Nancy Swider skated around the Olympic outdoor rink here today, water welling up in her eyes. Perhaps it was the sting of the wind. More likely, it was tears.
"Four years of my life up in smoke," the 23-year-old speed skater said. "This is as close to the Olympics as I'm going to get."
Swider, you see, missed making the starting lineup of the U.S. juggernaut team by one-thousandth of a second.
In any nation, and on any team, except the U.S. speed skating team, Swider would be a national heroine now.
By any standard, Swider is one of America's best athletes among Winter Olympians.
The public will hear many a flowery tale in the next two weeks about the U.S.'s doughty biathloners, ice dancers and bobsledders -- few of whom have much of a chance of winning a medal.
Swider, on the other hand, once held the world record in the 3,000 meters. Twice, she has finished 11th in the World All-Arounds. At the World Sprints, she has been fifth.
And, at the '76 Olympics, before she reached her peak, Swider took a seventh place.
But those 10 distinguished years in speed skating will get her absolutely nothing, because in the U.S. team trials last month she failed to make the three-woman squad in the 3,000 meters by .001 of a second.
The U.S. speed skaters -- Swider's buddies for years -- are planning a festival this Olympics. With 27 medals up for grabs, this compact team has an outside chance to win more gold medals, and more overall medals, than any nation in the world wins in the entire Winter Games.
"If we could enter five for six racers in every event," Swider said, "we would win even more medals, because no skating team in history has ever been anywhere near this deep.
"It's impossible to know which person will be hot on what particular day."
So, in fairness, the U.S. team, after a year of face-to-face friendly training in West Allis, Wisc., must have cut-throat face-to-face trials to see who makes the team and who sits.
Willie Davenport, Olympic hurdles medalist turned bobsledder, set another career precedent today; he was the lone male athlete in an otherwise all-female fashion show.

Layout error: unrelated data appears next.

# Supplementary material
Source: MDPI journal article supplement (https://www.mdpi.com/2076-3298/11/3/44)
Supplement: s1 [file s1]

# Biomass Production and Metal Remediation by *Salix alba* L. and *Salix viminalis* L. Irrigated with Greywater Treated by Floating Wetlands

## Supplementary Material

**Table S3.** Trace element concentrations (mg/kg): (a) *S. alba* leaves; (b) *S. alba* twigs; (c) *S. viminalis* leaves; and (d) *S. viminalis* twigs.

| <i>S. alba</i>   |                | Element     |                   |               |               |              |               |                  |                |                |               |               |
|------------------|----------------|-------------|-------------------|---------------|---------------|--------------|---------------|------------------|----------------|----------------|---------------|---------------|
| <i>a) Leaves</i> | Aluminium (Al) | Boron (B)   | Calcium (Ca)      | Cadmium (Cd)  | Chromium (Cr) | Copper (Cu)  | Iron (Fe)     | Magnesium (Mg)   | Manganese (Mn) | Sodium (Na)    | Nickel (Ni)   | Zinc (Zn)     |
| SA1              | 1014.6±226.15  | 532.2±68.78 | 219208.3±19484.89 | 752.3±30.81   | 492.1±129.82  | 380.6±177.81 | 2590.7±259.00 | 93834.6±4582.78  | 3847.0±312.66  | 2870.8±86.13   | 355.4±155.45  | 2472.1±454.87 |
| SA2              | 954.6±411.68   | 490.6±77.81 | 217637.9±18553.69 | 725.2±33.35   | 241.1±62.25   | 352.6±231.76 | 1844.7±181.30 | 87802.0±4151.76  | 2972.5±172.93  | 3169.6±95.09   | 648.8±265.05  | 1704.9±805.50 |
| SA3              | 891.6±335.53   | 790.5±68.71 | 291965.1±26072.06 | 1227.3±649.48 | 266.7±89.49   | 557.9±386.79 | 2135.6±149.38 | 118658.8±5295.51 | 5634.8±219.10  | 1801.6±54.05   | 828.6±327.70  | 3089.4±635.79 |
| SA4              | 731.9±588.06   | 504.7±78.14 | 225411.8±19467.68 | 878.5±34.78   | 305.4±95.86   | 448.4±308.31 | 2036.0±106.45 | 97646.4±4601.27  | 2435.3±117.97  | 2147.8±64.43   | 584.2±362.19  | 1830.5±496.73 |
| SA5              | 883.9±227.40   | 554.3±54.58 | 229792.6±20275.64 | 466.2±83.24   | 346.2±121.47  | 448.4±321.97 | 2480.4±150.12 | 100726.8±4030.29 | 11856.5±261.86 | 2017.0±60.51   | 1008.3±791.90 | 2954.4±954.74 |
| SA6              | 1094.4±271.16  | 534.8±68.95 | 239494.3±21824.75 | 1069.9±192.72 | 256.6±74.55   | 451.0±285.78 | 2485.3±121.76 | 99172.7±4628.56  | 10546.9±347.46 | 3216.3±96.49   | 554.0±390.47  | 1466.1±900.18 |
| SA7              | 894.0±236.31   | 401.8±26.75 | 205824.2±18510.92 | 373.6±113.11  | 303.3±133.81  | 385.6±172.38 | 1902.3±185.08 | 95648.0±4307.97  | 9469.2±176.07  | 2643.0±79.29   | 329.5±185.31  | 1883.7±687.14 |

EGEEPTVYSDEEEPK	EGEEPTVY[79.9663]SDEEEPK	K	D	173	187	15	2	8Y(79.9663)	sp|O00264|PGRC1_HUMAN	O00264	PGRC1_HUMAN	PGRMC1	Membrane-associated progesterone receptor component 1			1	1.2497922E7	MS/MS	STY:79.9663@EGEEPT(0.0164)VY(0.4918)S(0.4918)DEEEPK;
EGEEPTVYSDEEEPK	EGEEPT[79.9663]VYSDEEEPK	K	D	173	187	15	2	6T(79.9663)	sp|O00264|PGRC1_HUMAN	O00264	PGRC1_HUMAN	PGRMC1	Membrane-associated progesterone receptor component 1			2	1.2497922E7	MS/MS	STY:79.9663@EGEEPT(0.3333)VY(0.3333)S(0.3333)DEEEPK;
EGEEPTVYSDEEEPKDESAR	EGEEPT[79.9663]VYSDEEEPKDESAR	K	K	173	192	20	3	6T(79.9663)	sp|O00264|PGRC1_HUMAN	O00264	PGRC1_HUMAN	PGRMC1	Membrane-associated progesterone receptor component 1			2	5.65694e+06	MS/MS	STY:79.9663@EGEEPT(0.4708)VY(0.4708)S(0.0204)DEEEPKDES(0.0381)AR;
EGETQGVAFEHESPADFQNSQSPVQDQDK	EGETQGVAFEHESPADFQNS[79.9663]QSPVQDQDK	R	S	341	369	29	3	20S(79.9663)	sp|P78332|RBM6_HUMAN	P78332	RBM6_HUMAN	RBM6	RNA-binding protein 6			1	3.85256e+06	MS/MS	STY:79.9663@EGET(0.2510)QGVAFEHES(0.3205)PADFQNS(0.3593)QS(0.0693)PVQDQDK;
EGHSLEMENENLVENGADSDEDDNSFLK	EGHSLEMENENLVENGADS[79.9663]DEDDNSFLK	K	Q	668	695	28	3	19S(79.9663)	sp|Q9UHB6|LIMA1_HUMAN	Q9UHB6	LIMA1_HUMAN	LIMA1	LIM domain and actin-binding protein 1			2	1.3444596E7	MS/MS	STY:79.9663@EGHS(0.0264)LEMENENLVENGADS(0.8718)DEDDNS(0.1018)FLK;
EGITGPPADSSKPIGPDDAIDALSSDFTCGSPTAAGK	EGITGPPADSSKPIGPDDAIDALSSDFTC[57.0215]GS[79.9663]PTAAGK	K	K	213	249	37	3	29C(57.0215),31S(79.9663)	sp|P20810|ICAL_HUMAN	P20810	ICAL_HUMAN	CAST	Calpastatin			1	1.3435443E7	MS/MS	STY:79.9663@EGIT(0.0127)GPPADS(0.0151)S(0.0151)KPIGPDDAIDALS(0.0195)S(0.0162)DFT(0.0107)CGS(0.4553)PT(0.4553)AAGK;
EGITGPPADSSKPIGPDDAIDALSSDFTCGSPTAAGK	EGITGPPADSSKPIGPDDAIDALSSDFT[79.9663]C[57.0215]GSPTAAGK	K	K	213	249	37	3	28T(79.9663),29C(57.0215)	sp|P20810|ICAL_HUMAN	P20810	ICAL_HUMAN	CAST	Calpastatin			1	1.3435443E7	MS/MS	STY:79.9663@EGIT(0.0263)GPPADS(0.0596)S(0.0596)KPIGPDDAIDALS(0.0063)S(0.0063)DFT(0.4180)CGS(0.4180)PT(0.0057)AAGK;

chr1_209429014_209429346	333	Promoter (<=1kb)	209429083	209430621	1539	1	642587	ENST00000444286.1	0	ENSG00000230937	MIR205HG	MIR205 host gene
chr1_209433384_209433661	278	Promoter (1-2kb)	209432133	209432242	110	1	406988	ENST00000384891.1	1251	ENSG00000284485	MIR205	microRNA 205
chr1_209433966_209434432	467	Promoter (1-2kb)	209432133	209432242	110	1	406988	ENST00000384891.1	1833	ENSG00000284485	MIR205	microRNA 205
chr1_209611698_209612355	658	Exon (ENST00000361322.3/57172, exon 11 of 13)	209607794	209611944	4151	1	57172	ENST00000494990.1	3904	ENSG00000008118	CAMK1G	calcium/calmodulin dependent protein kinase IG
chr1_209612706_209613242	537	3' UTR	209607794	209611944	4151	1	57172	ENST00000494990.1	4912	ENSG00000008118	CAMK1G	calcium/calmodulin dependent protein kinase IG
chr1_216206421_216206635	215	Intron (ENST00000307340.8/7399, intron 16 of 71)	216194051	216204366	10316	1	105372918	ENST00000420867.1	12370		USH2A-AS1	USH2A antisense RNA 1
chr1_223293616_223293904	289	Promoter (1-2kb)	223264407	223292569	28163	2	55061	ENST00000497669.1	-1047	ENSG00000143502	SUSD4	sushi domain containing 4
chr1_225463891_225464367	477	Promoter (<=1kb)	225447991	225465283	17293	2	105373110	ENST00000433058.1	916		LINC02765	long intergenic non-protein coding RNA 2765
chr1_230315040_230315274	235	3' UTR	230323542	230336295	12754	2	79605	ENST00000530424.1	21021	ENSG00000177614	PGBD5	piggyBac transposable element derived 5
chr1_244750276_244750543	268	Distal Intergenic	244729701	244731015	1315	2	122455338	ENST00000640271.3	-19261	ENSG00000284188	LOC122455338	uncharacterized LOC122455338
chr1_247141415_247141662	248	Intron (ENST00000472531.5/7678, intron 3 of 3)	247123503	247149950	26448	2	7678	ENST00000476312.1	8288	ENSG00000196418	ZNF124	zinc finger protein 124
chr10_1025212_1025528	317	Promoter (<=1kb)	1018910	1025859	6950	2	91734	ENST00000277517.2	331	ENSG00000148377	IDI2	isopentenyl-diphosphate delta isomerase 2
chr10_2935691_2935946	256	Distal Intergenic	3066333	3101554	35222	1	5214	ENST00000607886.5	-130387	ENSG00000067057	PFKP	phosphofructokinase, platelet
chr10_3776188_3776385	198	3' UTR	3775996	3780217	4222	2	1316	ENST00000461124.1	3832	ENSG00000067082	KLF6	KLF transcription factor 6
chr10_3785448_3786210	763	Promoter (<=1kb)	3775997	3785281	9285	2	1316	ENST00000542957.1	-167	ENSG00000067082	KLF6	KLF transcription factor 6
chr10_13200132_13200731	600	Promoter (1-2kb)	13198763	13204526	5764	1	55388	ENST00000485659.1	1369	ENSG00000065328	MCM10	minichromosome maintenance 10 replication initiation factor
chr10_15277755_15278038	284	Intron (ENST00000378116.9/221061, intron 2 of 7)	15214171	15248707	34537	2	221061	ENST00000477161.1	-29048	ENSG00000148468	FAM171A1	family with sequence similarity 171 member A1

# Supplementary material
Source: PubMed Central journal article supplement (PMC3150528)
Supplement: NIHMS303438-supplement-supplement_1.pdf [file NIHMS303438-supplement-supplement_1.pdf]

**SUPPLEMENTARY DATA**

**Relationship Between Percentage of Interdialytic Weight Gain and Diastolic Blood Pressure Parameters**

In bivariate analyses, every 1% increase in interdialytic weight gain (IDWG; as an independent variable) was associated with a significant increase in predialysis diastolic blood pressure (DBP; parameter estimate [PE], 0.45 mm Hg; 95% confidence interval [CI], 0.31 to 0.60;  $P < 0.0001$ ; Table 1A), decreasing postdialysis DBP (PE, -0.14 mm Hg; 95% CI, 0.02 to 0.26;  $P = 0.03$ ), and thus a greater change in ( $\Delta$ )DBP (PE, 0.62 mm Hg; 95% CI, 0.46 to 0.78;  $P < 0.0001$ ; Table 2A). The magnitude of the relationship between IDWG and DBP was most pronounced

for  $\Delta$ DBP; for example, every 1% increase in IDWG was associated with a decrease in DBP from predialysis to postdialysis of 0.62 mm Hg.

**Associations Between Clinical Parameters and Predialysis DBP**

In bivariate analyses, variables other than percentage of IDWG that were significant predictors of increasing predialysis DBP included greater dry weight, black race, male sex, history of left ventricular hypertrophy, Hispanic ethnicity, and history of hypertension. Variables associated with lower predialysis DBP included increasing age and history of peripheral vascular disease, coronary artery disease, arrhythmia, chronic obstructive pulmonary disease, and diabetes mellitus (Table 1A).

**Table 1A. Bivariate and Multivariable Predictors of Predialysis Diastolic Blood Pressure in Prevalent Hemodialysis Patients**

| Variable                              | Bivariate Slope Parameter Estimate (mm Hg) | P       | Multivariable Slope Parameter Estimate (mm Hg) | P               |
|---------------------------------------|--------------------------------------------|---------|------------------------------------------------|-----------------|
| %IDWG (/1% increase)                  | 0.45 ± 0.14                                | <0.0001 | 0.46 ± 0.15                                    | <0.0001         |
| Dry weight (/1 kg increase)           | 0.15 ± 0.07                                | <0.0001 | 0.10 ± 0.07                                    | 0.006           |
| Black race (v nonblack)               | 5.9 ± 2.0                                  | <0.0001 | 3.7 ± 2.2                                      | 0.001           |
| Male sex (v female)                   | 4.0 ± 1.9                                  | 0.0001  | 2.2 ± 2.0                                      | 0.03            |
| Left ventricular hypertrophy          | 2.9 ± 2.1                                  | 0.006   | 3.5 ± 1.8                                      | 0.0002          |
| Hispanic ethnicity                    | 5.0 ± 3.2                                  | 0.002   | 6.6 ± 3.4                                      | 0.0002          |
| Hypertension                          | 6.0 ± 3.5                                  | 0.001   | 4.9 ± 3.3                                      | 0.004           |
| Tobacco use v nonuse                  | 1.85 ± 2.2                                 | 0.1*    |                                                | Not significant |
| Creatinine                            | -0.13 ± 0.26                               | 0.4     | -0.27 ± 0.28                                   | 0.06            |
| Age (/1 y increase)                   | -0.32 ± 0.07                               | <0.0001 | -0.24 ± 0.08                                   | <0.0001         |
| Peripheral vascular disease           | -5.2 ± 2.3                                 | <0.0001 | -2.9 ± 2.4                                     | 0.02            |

Attired in the cap and the red, white and blue jump suit he will wear as a member of the United States No. 1 four-man bobsled team, the 36-year-old veteran Olympian from Baton Rouge, La., brought down the house at the very proper Lake Placid Club.
A roomful of women gasped when Davenport, concluding his stroll on the runway with a pretty model in a bathing suit, picked up the young lady and carried her down the steps.
Tickets to the XIII Winter Olympiad are selling for $10-$10,000, but no matter what price a tourist pays, one thing is certain; he won't get in without one.
A $10 ticket gets a spectator through the gate only long enough to watch athletes train before their event. A $10,000 fee buys a gold card, an entree to all events during the two-week sports spectacular.
In between, visitors are pluning down $20 to $60 per event at authorized ticket outlets and much more to scalpers and tour operators who hadn't sold out as the first competitions started.
Several Norwegian newspapers have criticized what they call organizational chaos, poor accomodations and commercial exploitation of visitors.
"The Olympic area is full not only of flags and colorful posters, but of frozen visitors waitng either in vain or in restless agony for transportation," said Leif Huseby, sports editor of Aftenposten, Norway's largest newspaper. s
"The organization committee claims things will get better tomorrow. They have said so for months. No one believes them any more," Huseby said.